While Secretary Vilsack has announced measures to explore ways to protect organic and other non-GE farmers, the agency still places the entire burden for preventing contamination on these farmers. Furthermore, the agency has yet to adequately demonstrate that there are effective methods for preventing contamination.
In addition to contamination concerns, many other questions remain regarding genetic engineering. For instance, USDA failed to analyze the rapid development of “superweeds” that are resistant to the herbicide Roundup. Recent reports indicate that farmers are abandoning some fields, undoing years of work in conservation tillage to control weeds with heavy tillage, and turning to the use of more toxic herbicides.
Before the development of GE crops, glyphosate herbicide (Roundup) was used more judiciously because it could damage emerging crops. With the development of GE crops, the agricultural landscape has been flooded with glyphosate using methods that include large-scale aerial spraying. NSAC noted in a blog last year that there is concern originating from the long-term research of scientists that the same seed and pesticides extended across millions of acres of US farmland could be creating unforeseen damage to soil quality and plants.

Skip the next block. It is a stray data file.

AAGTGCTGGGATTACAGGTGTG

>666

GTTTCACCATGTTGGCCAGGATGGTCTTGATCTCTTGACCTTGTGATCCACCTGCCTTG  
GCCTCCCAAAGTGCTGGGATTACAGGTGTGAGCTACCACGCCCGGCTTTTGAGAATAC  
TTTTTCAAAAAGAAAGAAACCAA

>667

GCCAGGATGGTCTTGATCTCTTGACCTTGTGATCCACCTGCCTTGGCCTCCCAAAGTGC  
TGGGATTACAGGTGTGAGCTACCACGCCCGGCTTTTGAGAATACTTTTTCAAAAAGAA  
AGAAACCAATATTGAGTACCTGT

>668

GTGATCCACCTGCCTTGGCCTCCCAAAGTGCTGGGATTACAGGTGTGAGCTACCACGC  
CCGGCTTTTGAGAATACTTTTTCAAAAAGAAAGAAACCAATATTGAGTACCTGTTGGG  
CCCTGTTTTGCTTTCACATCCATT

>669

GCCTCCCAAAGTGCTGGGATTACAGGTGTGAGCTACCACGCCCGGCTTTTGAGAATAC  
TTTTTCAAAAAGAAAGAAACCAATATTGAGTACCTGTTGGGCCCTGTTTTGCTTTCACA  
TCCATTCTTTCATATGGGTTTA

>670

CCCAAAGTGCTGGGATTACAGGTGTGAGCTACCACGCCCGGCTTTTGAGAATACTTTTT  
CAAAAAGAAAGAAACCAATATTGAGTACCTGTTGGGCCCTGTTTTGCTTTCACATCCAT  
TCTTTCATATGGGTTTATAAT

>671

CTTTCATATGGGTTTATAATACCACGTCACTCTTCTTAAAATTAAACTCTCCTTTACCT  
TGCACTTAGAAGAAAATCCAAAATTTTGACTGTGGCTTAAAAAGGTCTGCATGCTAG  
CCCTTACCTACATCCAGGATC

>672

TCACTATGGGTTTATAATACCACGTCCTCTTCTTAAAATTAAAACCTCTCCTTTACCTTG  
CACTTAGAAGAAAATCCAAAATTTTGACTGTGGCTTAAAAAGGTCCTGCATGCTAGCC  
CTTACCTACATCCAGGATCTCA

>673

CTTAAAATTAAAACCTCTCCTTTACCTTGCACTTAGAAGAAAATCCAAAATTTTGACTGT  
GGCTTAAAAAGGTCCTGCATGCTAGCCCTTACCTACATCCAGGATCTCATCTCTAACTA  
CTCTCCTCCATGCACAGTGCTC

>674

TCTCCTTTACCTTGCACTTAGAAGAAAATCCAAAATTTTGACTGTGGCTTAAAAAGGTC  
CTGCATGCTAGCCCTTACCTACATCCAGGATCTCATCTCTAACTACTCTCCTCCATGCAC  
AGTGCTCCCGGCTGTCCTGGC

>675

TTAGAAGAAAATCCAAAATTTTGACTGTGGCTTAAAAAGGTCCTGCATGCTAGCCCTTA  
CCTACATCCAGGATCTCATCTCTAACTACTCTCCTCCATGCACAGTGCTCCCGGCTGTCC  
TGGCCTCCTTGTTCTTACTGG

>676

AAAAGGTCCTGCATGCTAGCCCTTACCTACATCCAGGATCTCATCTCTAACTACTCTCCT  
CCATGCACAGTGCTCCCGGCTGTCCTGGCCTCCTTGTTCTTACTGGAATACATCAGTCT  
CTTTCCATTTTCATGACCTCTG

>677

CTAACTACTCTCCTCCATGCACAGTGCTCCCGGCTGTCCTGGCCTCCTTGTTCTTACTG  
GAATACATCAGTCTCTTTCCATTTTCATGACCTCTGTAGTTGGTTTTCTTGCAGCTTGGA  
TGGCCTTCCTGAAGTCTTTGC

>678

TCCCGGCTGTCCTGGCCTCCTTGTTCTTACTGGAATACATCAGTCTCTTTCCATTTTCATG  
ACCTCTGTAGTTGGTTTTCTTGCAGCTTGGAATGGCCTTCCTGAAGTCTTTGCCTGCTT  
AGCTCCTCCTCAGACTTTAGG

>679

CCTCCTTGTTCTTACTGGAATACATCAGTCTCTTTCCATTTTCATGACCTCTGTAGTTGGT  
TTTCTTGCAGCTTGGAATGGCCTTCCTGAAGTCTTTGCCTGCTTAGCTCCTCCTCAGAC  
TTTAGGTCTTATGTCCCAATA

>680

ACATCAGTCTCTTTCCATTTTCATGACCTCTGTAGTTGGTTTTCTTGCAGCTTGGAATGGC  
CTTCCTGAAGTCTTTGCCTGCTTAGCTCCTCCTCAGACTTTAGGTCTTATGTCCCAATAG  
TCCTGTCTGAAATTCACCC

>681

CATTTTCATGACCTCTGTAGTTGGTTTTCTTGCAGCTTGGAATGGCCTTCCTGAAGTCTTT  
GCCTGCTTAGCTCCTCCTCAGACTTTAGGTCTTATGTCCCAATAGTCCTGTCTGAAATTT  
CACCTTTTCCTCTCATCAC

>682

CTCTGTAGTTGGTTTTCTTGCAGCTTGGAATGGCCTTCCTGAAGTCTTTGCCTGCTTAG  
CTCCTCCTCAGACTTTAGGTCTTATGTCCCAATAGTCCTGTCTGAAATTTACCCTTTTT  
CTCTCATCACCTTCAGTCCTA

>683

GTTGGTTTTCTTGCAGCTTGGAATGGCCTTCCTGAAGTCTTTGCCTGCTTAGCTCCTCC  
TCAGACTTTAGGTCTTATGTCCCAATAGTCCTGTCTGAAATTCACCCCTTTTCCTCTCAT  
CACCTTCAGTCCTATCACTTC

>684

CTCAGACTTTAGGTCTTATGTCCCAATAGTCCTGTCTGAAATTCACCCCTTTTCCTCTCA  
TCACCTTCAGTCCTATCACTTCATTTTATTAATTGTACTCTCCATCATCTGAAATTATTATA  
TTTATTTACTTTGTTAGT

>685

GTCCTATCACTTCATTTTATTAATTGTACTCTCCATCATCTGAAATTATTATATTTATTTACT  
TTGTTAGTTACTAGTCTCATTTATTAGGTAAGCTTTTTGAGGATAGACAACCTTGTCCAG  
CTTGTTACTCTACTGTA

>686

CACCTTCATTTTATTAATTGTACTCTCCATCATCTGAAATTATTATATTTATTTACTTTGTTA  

NSAC also previously reported on the patent law that allows GE seed companies to restrict independent research on patented GE seed. A 2009 editorial in Scientific American charged that the biotech seed companies have blocked selected studies from publication that did not show positive results from the use of GE crops. We called for a revision of the patent law that blocks independent health and environmental research on GE crops.
The Center for Food Security (CFS) announced an immediate legal challenge to the USDA decision on GE alfalfa, noting the many risks to organic and non-GMO conventional farmers that USDA acknowledged in its Final Environmental Impact Statement on the matter.
The decision last week by the USDA to deregulate GE Alfalfa comes after years of court battles with opponents.
There has been a ban on the planting of GE alfalfa for the last four years due to a lawsuit brought by alfalfa farmers and sustainable agriculture and environmental organizations challenging the original decision of the USDA Animal & Plant Health Inspection Service (APHIS) to deregulate GE alfalfa.
The federal court found that APHIS failed to uphold environmental laws in not requiring a full environmental impact statement (EIS) accounting for all the environmental and economic implications. The judge imposed the injunction on GE Alfalfa until completion of the EIS, and the federal Ninth Circuit Court of Appeals twice affirmed the national ban.
In 2010, the US Supreme Court ruled to uphold the ban until and unless future deregulation occurs.
More Decisions Coming Soon
In addition to the just announced USDA decision to deregulate GE sugar beets, there are also pending decisions for GE soy and corn crops designed to be resistant to pesticides such as 2-4D and Dicamba.
Take Action & More Information
To take action and find updated information on GE alfalfa and the recent legal challenge visit these sites: